As we enjoy the Thanksgiving holiday, many of us are planning our routes on Black Friday, scouring the sales fliers for deals and checking online to see what specials will be available. I, however, do none of these things. Aside from the fact that I have most of my holiday shopping done, I’m not sure that Black Friday deals are really worth it. When you think about the time and effort involved, the savings may not seem as tantalizing. Here’s why I don’t think braving Black Friday is really worth it:
The main reason that people rouse themselves at 3 a.m. to go stand in line is the savings. What sorts of deals will you get? Sure, there are some fantastic deals. But many of the doorbusters — especially electronics — are last year’s models. This may not matter if you are just getting something cheap with reasonable functionality, but if you are looking for something high quality, you may not be getting what you pay for.
Another issue is the fact that Black Friday deals are designed to lure you into the store. These loss leaders pull you in, but retailers fully expect (and with good reason) you to buy things you hadn’t necessarily planned on buying. They’re hoping that you will negate your savings, and then some, buy purchasing items that are only 10% to 20% off the retail price. Or that are even full price. Once the shopping frenzy hits, the hope is that you won’t be too discriminating, deciding to buy whatever catches your fancy as you hunt for bargains.
And, finally, are the deals really that great? Once you get beyond the doorbusters, the sales aren’t that much more spectacular than the weekend sale you saw last week — or the weekend sales that will be a fixture of the holiday shopping season until Christmas Eve. Yes, you might see 75% off on some items on Black Friday. But next weekend the sale is likely to still be 65% off. On an item that is less than $50, that may not make such a big difference — and you can avoid the crowds.
My biggest beef with Black Friday is that it just doesn’t seem like the savings make up for the time spent. Say you spend two hours waiting in line to get a doorbuster. What if you don’t get the doorbuster because they ran out? Some people wait in line for four hours or more to get a doorbuster deal. Is it really worth that? Don’t forget the time spent queuing at the checkout counter, and the time spent sitting in traffic. When you add it up, you can easily waste two to six hours (or more), depending on how many stores you go to, and how long you have to wait at each one. And that doesn’t include the hours spent pouring over fliers and planning out the day.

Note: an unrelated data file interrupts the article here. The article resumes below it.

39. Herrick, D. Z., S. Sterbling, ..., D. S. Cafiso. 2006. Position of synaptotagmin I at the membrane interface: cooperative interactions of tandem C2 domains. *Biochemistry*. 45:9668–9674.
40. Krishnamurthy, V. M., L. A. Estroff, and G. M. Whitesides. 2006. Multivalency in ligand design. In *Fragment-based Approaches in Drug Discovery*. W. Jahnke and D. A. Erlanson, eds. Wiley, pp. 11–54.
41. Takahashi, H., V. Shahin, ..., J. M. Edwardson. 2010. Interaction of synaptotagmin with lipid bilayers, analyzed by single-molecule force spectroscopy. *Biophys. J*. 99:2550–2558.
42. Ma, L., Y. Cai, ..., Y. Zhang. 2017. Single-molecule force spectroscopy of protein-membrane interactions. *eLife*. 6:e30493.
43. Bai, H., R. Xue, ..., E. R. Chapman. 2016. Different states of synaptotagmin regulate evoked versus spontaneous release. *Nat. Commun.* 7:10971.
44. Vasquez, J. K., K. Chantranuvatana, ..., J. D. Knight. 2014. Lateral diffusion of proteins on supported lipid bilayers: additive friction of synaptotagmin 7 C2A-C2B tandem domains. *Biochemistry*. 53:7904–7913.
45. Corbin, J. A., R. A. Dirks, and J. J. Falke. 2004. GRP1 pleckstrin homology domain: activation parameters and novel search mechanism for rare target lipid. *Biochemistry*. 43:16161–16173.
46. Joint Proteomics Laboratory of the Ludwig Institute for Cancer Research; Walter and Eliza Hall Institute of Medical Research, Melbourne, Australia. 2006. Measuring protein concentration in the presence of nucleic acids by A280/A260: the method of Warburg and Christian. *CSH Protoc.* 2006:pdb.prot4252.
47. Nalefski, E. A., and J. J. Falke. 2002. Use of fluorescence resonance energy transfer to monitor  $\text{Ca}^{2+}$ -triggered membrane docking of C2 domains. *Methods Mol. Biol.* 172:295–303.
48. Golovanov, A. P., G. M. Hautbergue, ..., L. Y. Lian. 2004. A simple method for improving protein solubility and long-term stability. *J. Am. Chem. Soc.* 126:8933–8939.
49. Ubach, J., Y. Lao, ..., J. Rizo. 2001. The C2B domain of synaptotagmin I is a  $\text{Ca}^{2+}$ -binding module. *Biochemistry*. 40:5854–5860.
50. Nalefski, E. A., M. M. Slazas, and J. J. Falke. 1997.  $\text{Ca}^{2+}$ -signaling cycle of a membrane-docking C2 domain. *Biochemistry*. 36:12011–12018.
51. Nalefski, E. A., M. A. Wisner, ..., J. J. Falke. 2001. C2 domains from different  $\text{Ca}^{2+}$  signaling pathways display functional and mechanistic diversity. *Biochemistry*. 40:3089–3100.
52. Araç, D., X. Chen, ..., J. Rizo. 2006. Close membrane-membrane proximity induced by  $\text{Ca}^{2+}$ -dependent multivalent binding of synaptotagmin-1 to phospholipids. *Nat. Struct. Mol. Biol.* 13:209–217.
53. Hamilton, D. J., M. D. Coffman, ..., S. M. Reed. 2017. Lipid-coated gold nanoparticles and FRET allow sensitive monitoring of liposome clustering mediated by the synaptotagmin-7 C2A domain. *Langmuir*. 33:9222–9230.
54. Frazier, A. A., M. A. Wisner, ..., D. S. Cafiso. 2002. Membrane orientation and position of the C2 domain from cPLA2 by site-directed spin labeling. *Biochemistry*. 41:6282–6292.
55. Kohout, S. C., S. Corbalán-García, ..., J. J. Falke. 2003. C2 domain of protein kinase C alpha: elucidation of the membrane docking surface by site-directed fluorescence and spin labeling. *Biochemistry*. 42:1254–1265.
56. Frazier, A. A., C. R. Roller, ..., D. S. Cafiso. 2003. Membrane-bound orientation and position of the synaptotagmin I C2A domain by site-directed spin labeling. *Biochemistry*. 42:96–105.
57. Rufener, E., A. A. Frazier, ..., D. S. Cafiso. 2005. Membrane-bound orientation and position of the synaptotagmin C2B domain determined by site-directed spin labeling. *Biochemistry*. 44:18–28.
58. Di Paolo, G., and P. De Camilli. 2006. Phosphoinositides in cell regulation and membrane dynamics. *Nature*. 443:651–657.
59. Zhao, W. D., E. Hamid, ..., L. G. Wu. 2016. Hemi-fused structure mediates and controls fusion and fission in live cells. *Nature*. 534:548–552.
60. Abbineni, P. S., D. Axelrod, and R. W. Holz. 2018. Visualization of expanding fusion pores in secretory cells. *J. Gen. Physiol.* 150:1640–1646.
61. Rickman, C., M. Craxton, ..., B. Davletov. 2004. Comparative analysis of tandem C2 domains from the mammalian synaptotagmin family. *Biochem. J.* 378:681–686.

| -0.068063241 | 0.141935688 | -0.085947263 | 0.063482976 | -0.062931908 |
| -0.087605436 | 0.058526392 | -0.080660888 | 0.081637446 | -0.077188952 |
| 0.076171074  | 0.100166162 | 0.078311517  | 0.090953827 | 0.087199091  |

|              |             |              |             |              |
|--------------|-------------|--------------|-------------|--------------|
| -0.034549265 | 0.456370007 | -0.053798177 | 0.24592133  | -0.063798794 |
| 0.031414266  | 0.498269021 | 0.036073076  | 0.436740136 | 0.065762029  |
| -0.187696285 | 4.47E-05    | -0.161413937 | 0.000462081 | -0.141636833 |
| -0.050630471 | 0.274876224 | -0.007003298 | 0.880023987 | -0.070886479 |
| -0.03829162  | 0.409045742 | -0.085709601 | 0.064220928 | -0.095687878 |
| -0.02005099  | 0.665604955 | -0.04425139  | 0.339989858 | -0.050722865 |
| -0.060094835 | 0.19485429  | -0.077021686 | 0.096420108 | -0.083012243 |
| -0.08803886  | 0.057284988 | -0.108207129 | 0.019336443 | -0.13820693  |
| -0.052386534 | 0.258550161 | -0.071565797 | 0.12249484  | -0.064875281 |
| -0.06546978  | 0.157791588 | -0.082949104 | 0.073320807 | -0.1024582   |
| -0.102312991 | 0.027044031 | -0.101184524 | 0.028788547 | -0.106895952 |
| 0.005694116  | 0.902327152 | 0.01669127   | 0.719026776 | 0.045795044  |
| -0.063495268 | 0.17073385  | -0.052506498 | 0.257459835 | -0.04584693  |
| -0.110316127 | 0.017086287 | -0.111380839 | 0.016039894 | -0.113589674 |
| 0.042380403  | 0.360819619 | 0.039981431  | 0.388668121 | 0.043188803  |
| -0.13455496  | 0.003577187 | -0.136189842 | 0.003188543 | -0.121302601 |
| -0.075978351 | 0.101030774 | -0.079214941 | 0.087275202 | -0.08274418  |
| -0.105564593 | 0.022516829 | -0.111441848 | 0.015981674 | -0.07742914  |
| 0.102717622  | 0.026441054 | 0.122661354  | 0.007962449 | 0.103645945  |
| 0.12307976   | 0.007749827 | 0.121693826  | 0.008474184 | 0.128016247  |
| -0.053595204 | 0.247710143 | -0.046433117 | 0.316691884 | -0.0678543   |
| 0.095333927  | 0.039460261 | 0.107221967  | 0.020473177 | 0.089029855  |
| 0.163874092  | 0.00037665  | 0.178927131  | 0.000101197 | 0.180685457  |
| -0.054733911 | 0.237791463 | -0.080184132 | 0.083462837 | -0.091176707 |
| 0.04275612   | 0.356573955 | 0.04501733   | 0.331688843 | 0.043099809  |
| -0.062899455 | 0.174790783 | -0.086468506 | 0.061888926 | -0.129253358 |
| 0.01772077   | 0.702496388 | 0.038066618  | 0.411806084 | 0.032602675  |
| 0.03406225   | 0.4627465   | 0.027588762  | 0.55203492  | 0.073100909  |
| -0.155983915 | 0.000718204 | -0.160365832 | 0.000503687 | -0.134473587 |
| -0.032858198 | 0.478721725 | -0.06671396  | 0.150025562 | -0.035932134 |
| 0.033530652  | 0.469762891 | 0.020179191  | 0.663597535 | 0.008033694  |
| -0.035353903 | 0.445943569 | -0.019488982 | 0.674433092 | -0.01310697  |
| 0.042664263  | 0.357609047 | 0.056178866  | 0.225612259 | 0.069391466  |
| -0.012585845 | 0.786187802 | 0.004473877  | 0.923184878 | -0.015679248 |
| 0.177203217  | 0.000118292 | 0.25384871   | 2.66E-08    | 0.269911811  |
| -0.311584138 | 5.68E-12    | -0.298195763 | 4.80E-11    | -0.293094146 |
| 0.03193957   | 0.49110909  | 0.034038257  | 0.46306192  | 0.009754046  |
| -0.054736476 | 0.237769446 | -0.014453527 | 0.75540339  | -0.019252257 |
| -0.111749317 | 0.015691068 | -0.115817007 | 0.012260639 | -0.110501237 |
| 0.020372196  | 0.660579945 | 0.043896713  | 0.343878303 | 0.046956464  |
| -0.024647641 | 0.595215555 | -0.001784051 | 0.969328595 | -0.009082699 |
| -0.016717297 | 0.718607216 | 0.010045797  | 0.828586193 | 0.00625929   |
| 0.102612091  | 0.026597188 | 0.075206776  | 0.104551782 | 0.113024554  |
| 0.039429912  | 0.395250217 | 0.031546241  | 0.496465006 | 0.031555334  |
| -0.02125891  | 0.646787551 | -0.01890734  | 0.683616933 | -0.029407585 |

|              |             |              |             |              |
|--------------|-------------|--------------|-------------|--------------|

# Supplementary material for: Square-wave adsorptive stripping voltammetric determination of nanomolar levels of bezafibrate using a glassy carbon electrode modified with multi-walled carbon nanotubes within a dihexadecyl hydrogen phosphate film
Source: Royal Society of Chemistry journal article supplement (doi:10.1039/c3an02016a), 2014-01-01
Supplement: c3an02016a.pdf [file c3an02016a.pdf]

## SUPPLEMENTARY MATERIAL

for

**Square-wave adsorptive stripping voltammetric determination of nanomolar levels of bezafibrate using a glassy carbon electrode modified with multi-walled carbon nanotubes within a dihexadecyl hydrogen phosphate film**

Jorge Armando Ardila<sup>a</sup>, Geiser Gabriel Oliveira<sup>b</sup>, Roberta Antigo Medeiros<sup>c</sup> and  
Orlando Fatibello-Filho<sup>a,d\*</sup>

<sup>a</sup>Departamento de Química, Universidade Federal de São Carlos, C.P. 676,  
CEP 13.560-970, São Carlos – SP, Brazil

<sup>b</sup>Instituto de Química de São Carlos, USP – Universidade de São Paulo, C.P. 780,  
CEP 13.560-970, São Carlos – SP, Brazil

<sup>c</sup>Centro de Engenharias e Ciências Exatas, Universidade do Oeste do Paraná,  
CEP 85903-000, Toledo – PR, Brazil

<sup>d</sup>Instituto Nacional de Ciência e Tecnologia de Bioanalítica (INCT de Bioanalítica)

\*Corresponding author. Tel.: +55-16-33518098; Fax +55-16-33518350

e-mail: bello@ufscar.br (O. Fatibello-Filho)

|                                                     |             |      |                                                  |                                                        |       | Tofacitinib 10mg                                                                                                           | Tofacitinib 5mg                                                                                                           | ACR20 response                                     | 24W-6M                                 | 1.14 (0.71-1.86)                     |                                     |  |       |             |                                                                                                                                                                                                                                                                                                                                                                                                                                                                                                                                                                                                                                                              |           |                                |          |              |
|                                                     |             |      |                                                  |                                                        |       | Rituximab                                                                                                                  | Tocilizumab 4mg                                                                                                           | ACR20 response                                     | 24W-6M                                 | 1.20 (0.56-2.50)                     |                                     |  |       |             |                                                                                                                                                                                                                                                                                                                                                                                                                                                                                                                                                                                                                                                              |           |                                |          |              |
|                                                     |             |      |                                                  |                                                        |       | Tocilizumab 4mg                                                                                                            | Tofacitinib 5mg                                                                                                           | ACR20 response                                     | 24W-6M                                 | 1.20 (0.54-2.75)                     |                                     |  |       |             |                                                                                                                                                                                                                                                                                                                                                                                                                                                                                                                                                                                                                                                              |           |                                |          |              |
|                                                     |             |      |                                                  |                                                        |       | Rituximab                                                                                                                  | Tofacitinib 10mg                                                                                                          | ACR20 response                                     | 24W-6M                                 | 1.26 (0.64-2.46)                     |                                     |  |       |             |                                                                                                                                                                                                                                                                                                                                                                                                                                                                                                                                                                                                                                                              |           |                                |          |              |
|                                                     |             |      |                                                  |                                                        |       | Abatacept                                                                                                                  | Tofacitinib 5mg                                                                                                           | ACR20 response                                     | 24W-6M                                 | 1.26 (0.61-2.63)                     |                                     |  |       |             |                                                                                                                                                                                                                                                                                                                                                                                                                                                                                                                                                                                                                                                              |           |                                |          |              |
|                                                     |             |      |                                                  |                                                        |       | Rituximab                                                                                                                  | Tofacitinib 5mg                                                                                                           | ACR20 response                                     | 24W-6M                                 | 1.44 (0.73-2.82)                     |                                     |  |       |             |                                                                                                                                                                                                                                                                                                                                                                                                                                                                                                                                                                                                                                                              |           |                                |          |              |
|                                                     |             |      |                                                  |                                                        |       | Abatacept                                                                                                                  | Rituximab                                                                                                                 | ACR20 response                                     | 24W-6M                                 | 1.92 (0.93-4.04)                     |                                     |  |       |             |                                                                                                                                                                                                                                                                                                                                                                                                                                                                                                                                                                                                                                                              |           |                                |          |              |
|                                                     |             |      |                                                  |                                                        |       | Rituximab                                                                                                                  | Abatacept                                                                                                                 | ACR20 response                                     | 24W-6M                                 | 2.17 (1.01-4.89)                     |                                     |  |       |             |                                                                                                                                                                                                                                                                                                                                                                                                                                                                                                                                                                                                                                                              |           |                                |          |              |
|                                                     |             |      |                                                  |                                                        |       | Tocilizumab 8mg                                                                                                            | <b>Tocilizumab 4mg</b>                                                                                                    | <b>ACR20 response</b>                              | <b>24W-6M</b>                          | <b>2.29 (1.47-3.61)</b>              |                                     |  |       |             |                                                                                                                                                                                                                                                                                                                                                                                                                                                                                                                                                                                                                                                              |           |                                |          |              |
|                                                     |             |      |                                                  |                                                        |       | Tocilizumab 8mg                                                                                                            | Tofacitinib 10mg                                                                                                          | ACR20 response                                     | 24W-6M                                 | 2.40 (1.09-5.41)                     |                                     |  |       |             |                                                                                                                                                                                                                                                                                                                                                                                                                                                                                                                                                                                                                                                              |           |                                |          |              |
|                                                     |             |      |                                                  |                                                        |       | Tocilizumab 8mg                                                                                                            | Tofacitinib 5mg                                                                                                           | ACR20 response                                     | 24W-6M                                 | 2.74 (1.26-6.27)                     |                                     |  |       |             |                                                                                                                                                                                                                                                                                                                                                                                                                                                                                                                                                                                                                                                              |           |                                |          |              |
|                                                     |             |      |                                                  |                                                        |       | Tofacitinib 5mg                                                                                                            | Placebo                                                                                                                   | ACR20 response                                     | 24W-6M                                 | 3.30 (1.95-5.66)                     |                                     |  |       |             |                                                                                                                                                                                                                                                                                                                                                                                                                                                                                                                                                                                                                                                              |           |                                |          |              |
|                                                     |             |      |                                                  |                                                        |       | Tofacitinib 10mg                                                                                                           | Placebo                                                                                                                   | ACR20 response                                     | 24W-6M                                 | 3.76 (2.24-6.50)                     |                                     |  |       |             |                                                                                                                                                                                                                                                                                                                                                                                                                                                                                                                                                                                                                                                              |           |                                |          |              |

Figure up how much your time is worth. Most people just take their hourly wage and make a determination based on that. Only you can answer for what your time is worth, but, even if I’m not spending my time working, I figure that my time is worth about $85 an hour. That means that if it takes more than hour to get a $100 item for 65% or 75% off (I have yet to see an 85% off sale), it’s not worth it to me. Imagine if I spent four hours on Black Friday. That’s $340. I’d better save $340 — and not have all of those savings overset by impulse buys. Or, I can spend two hours (as I did last week) and save $200 on things I’d planned to buy anyway. By carefully planning my holiday shopping and targeting specific items, I feel like I’m using my time and money a little more efficiently.
You can’t put a monetary value on the inconvenience and hassle that can come as a result of Black Friday. Braving the hordes, waiting in line, dealing with traffic, finding parking spaces, listening to unhappy children, getting unhappy yourself, and skipping meals as you move from store to store all start to add up. Since I have family here over Thanksgiving, I’d rather spend Black Friday visiting and enjoying the company, rather than dealing with the hassles outside the home. Family togetherness is more important to me than saving a few bucks.
What about you? Do you think Black Friday is worth it?
Miranda is freelance journalist. She specializes in topics related to money, especially personal finance, small business, and investing. You can read more of my writing at Planting Money Seeds.